Cooley's anemia, or thalassemia major, is a blood disorder characterized by a marked increase in F hemoglobin and a decrease in the production of certain oxygen-carrying proteins in red blood cells.
Thalassemia major is the most severe form of the chronic familial anemias that result from the premature destruction of red blood cells and is inherited as an autosomal recessive trait. In the years since the Seventh Cooley's Anemia Symposium, held in 1997, major advances have taken place in the understanding and treatment of the disease.
The molecular mechanisms responsible for the switch from fetal hemoglobin to adult hemoglobin production have been further clarified, while new drugs to enhance the production of fetal hemoglobin and relieve the anemia of thalassemia have been introduced and studied. Understanding of the relationship between molecular genotype and clinical phenotype has been advanced, and the techniques for molecular diagnosis, including prenatal diagnosis, have been vastly improved. Most importantly, there have been dramatic improvements in the treatment and prevention of complications of thalassemia. As a result, patients are now living longer, albeit with more disability.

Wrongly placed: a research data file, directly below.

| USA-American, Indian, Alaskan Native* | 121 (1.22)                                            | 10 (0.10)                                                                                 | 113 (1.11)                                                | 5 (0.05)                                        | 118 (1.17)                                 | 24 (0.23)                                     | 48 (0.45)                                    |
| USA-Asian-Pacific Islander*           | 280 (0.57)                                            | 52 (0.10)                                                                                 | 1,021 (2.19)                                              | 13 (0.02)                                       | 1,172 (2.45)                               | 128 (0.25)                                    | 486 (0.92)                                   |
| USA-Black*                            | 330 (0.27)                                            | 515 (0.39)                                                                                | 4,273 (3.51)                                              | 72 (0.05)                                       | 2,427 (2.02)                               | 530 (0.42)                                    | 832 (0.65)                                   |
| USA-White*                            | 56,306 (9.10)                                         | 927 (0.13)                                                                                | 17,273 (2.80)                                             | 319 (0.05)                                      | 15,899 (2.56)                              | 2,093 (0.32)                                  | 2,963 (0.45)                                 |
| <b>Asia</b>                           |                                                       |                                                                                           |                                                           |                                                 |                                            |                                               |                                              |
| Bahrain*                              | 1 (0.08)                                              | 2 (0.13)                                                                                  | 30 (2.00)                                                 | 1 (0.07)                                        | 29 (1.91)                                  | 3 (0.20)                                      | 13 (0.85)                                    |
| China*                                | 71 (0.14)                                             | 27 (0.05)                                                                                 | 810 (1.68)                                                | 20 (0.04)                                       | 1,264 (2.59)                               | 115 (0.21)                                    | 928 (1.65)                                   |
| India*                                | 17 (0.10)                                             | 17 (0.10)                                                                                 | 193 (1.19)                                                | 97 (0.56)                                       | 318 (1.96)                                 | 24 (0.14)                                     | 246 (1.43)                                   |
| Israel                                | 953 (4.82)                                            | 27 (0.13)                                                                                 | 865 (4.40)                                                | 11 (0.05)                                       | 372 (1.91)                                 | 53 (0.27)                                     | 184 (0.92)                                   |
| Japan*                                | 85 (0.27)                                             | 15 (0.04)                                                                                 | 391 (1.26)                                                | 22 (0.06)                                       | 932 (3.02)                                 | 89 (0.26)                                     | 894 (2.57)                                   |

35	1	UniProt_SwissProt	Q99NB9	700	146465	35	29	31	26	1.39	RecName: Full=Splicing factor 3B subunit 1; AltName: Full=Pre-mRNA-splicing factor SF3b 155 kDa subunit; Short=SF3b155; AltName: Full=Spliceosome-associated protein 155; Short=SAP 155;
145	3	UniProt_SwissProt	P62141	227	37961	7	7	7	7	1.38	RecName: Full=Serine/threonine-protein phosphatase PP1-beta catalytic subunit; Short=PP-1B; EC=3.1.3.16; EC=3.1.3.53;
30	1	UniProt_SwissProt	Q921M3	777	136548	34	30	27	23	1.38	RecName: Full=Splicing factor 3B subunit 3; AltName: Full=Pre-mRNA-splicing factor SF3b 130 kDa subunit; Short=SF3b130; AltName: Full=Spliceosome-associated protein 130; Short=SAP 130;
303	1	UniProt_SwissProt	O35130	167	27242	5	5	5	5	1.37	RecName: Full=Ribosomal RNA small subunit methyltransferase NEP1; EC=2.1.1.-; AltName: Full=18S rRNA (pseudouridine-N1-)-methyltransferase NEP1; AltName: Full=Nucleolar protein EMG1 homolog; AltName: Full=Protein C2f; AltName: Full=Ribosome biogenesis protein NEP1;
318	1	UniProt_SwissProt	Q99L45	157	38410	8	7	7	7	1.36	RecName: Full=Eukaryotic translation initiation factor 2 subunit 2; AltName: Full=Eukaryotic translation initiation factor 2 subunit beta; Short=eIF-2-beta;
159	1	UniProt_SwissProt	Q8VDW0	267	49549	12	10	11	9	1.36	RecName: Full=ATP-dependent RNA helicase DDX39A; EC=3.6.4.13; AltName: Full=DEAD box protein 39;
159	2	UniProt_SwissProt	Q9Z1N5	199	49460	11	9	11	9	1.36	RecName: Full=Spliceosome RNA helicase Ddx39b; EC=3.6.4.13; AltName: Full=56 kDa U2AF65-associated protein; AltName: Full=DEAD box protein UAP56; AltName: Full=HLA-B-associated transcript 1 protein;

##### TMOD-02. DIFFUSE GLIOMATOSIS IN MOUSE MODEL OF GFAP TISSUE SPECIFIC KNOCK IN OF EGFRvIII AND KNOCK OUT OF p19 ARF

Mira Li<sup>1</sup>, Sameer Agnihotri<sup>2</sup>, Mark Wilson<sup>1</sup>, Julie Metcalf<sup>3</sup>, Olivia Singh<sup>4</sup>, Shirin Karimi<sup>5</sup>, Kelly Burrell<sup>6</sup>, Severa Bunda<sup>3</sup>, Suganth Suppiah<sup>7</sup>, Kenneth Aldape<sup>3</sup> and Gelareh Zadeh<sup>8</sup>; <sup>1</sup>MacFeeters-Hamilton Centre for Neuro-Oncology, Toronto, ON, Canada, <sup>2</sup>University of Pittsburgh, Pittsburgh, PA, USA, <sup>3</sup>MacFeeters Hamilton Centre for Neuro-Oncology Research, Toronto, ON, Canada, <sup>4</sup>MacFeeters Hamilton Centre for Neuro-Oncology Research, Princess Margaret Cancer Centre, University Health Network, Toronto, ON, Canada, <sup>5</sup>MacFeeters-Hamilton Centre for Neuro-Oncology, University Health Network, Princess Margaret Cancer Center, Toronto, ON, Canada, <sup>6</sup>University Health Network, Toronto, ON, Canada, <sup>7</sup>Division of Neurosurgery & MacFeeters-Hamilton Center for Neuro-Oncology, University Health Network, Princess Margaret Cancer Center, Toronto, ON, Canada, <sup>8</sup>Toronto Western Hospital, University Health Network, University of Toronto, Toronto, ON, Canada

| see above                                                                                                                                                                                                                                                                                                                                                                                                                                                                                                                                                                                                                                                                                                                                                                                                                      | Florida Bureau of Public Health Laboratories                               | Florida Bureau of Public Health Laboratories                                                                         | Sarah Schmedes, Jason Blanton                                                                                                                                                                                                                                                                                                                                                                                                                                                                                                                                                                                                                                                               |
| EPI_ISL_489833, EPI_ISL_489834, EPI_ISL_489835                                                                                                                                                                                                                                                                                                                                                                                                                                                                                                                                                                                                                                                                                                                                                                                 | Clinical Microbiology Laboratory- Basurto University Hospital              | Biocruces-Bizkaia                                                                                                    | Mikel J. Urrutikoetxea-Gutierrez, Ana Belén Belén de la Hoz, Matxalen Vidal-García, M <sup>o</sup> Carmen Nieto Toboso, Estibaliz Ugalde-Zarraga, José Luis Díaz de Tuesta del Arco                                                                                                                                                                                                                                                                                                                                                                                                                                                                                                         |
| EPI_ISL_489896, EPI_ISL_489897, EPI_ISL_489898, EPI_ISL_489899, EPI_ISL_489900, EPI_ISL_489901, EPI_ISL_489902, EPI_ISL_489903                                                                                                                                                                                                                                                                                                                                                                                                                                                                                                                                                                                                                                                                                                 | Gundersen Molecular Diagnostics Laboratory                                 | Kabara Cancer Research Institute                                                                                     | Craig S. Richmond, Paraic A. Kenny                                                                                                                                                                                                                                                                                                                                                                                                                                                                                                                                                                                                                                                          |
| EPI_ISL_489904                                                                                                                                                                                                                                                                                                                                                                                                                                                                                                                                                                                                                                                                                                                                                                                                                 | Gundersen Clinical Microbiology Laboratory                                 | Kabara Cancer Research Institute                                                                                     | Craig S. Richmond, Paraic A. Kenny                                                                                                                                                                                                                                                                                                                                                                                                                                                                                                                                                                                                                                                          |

Problems such as osteoporosis, heart failure, growth hormone deficiency, pulmonary hypertension, and infertility can now be detected early and treated. This volume not only focuses on the advances over the last six or seven years, but also illuminates many unsolved but critically important issues in the understanding and treatment of thalassemia, thus offering the scientific, clinical, care-giving, and patient communities the most up-to-date exchange on the current and future perspectives of the disease.
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